Sunday, March 28, 2010

Jack Daniel's Old No. 7 - Tennessee Whiskey Review

I spent the past week in Halifax, Nova Scotia for a work related conference.  Trapped in a meeting room by day and bored by night, my habit when travelling for work is to seek out great restaurants and the best purveyors of fine whiskey.  My trip to Halifax would not deviate from this practice.

I landed in the early evening, hopped in a cab and headed for the hotel down by the harbor.  Check-in involved slapping down a credit card, tossing my luggage on the bed and a quick double-back to the concierge's desk.

"Where's nearest liquor store?" I inquired.

"They are all closed," the blue blazer wearing early sixties gent replied with a Magnum P.I. Higgins character English accent.

"There is of course our mini-bar . . ."  His voice trailed off as precipitously as Thelma and Louise headed off that cliff in the closing scene of that stupid movie that I had to endure with some long forgotten girlfriend in a living room with red shag carpet, wood paneling on the walls, and her ever watchful, military, father down the hall. 

"Mini-bar . . . mini-bar" I fumed as I headed back to my room.  As I unpacked, I debated whether or not to wait until tomorrow, find a nice liquor store, select a great whisky and enjoy it in the evening.  On the other hand, I said to myself, "ya never know, there could be a real gem in the mini-bar just like that time I was in Maine and in a grocery store and all they had for whisky was Jim Beam Black.  That was a gem!"  More than a gem, it was a revelation of the tallest order, up there with Moses coming down Mount Sinai.  Anyway, you get the picture.  I was a tortured soul.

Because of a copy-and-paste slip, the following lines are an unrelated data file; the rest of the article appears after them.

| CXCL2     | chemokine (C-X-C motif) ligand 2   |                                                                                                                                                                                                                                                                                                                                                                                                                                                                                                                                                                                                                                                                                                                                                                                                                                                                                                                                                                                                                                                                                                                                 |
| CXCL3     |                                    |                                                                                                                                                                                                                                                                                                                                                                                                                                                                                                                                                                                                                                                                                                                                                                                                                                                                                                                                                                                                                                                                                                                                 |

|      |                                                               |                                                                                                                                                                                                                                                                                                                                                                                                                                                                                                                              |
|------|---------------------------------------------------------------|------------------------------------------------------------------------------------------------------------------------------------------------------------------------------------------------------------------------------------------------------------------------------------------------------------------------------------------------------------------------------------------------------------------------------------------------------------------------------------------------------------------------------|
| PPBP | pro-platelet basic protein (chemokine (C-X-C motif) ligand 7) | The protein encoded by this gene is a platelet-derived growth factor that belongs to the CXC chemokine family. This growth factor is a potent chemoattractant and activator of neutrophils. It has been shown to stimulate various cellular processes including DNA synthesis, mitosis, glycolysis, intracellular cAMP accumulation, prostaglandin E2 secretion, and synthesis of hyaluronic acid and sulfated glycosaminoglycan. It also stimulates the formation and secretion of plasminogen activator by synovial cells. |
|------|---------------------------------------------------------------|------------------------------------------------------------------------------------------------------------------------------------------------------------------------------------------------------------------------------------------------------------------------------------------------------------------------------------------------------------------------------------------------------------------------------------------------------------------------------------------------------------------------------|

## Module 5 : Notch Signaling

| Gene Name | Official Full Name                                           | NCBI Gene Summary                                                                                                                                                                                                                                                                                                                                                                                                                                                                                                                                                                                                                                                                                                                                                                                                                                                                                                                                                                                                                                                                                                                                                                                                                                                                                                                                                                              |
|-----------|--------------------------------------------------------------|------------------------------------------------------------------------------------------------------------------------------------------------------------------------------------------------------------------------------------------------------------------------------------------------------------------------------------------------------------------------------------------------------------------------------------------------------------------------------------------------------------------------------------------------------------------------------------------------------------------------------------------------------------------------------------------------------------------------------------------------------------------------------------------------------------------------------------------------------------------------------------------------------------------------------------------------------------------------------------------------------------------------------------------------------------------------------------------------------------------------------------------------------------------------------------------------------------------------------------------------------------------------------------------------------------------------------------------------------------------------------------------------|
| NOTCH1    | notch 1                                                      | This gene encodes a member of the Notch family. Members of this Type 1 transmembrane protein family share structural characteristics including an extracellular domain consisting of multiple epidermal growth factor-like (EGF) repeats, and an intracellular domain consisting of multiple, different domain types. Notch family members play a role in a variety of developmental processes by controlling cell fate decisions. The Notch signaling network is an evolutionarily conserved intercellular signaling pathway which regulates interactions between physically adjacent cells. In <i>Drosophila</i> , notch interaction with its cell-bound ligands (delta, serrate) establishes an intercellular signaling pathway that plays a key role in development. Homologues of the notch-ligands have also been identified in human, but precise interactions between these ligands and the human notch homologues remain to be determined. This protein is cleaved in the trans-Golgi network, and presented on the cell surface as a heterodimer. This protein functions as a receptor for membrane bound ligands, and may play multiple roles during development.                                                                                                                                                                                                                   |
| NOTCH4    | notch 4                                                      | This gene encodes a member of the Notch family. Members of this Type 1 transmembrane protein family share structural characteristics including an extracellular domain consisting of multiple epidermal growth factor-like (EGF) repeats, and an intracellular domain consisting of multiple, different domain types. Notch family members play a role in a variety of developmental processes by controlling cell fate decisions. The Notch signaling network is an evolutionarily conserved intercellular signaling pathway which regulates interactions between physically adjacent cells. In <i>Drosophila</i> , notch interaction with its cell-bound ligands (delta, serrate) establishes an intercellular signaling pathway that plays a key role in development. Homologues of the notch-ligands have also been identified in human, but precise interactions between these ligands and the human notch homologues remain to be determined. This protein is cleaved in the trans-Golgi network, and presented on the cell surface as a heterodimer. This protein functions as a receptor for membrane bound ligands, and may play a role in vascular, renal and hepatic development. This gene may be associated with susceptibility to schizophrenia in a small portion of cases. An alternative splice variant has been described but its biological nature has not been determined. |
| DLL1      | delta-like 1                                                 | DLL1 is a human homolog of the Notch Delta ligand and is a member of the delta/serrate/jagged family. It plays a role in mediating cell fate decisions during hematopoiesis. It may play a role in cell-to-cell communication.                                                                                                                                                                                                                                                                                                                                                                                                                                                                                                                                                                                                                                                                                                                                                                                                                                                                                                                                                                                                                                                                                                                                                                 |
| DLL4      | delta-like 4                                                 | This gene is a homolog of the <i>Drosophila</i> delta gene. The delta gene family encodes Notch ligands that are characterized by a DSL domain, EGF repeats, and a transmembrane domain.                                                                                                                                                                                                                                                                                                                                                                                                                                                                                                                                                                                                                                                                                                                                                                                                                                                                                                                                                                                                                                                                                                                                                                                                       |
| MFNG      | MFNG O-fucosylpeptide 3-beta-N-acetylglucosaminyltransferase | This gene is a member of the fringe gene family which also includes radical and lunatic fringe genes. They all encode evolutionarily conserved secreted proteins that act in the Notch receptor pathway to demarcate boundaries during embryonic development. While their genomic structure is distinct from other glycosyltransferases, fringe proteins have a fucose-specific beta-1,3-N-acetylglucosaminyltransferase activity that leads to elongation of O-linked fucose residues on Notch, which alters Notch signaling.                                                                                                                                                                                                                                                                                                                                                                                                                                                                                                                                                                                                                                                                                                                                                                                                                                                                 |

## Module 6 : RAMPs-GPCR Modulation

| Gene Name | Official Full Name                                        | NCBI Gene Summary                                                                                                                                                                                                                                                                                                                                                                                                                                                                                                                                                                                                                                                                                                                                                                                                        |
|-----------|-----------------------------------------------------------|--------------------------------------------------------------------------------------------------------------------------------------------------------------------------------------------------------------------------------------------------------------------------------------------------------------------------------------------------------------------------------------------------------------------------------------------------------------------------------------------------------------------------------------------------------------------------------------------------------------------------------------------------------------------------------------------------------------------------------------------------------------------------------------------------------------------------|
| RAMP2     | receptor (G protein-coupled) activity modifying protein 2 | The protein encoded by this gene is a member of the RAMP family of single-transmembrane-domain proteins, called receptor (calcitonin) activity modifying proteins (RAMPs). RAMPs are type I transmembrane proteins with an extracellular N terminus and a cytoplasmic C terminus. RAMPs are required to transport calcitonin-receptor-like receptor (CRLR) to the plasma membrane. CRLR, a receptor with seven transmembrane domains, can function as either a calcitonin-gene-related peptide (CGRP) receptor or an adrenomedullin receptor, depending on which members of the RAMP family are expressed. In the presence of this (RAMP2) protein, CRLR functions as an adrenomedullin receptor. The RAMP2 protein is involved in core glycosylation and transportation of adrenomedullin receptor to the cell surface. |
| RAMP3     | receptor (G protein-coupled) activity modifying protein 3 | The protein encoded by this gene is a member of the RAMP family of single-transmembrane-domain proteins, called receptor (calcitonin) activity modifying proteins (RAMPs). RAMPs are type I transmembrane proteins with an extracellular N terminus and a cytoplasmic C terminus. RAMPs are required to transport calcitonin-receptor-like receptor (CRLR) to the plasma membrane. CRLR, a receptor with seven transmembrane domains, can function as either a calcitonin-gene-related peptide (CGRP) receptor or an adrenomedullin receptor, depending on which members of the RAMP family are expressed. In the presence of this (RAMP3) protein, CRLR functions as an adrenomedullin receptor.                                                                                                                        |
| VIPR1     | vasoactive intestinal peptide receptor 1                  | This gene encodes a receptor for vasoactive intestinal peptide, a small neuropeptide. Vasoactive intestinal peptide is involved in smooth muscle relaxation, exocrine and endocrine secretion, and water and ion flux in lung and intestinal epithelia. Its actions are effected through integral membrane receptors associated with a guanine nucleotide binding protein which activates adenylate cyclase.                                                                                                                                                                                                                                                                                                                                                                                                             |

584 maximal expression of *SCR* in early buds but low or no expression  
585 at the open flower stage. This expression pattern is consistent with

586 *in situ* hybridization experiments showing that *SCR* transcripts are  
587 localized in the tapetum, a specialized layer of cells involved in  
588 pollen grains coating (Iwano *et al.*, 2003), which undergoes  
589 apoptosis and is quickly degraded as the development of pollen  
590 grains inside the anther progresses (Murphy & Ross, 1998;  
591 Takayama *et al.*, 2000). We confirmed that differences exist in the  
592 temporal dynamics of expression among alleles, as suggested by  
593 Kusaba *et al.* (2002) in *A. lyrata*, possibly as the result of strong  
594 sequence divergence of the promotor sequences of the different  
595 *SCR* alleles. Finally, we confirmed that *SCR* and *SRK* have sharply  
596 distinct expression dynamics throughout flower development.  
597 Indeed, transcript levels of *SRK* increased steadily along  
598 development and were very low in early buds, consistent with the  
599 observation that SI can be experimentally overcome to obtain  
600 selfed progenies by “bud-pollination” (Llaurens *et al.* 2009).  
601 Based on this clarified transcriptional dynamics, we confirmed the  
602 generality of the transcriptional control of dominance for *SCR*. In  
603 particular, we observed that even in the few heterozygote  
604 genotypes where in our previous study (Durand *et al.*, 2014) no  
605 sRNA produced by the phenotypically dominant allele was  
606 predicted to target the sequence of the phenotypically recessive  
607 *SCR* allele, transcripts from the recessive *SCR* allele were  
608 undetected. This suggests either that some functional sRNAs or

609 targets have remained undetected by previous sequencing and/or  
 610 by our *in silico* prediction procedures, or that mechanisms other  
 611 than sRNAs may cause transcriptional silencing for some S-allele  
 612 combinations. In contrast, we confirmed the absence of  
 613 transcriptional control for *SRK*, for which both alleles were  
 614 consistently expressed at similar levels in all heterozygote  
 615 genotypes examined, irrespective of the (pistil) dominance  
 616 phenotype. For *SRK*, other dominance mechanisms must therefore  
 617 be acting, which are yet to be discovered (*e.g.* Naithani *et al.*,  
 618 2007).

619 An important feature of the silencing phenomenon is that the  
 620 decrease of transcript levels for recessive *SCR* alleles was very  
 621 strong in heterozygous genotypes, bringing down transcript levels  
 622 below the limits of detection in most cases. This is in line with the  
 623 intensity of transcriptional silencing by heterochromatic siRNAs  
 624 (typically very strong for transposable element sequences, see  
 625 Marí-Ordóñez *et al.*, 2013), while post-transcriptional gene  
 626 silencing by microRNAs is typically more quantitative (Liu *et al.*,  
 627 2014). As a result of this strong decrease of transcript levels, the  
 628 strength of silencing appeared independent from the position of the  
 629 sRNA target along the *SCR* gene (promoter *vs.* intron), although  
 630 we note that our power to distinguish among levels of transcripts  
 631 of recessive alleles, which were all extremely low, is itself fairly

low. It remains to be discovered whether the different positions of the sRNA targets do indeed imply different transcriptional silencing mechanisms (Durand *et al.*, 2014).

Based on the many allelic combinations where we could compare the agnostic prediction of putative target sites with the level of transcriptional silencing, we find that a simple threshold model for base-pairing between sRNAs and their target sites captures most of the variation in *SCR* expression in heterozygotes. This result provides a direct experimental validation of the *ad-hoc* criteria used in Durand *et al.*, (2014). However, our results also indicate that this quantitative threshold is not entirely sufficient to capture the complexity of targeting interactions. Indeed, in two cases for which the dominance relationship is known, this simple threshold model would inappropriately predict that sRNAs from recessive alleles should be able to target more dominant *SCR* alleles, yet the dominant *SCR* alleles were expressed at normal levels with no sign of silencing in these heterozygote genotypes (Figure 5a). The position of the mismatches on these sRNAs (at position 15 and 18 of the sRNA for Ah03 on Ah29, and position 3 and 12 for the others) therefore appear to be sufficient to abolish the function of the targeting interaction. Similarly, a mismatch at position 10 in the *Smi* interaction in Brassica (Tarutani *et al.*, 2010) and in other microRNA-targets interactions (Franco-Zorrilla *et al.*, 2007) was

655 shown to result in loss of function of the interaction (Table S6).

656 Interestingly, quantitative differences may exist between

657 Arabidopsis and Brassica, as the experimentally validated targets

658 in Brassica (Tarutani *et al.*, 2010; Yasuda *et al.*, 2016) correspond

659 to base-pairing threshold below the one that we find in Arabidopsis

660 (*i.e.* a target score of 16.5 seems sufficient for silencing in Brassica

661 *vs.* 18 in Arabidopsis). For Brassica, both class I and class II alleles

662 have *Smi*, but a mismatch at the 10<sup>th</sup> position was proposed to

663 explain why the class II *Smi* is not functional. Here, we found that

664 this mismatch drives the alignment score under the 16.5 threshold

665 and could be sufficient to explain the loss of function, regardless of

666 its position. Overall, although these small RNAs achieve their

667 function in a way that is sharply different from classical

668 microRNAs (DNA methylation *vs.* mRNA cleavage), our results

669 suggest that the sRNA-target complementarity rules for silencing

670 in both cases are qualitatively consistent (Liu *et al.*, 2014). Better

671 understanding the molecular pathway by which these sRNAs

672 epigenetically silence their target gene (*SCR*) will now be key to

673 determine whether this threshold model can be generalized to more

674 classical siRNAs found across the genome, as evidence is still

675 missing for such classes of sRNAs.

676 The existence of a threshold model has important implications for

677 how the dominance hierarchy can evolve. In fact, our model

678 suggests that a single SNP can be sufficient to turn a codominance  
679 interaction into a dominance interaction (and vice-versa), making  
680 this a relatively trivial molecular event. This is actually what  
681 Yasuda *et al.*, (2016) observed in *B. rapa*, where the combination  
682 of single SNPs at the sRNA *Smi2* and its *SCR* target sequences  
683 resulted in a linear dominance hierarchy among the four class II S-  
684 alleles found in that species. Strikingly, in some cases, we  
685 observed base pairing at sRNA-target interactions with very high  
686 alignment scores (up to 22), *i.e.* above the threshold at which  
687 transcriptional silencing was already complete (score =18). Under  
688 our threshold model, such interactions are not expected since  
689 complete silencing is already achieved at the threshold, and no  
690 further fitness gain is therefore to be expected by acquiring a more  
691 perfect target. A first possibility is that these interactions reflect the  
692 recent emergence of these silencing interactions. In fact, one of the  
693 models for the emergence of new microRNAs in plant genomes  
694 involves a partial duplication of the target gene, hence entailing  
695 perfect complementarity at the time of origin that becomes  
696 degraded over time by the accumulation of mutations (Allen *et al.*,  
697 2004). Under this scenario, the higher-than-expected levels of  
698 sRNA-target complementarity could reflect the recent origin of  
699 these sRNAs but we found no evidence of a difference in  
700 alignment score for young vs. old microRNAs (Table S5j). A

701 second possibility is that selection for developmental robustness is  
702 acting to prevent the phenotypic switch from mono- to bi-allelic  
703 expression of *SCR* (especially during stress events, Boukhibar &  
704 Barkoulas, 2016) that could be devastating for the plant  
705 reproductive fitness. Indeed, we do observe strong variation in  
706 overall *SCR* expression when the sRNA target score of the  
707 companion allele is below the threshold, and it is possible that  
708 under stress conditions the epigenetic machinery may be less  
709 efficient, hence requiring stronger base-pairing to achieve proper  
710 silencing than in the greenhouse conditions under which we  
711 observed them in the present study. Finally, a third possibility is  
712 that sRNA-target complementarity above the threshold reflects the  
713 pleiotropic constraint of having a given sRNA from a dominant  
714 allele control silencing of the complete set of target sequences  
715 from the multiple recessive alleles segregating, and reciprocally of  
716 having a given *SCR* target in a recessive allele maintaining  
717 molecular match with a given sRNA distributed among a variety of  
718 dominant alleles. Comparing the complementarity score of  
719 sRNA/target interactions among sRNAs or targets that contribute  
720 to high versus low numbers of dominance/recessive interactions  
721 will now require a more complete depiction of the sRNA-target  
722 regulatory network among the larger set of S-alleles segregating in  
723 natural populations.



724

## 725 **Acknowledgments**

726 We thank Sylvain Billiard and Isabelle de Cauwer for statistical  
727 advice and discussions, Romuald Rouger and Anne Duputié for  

To distract myself, I flicked on the television, started unpacking and thought about going to the gym and doing some running.  One time I was in Vancouver for a meeting and was up every morning at 4am, ran for an hour on a treadmill, did a day of meetings and still had pep for a restaurant at night and touring that delightful city.  This time around, the urge for running didn't seem to come so effortlessly.

To make a long story short, I opened the mini-bar, peered in and saw the usual array of light beer for middle aged men worried about carbs and calories.  I surveyed some spicy Clamato juice, Grey Goose Vodka, yeesh!, and a 375 ml of Jack Daniels Old Number 7.  My first thought was "what the hell is Tennessee whiskey doing in a refrigerator!"  What depraved soul could commit such an inane indignity upon a bottle of this American whisky?  I knew what I had to do.  God himself would have commanded me to do it if I asked him.  Matter of fact Moses probably had it chiseled into the tablet, "Thou shalt rescue all Tennessee whisky from bowels of any refrigerator!"  The commandment or mitvah must have got lost at some point.  I am sure of it.  It is such a self-evident truth.

Of course, I did what any God fearing man would do, I plucked the chilled bottle from the fridge and set it down on a table next to a rather comfortable wing-back chair.  It needed to warm up.  Coincidentally, so did I.  I retrieved two glasses, one filled with ice water, the other empty, waiting for Ol' No. 7.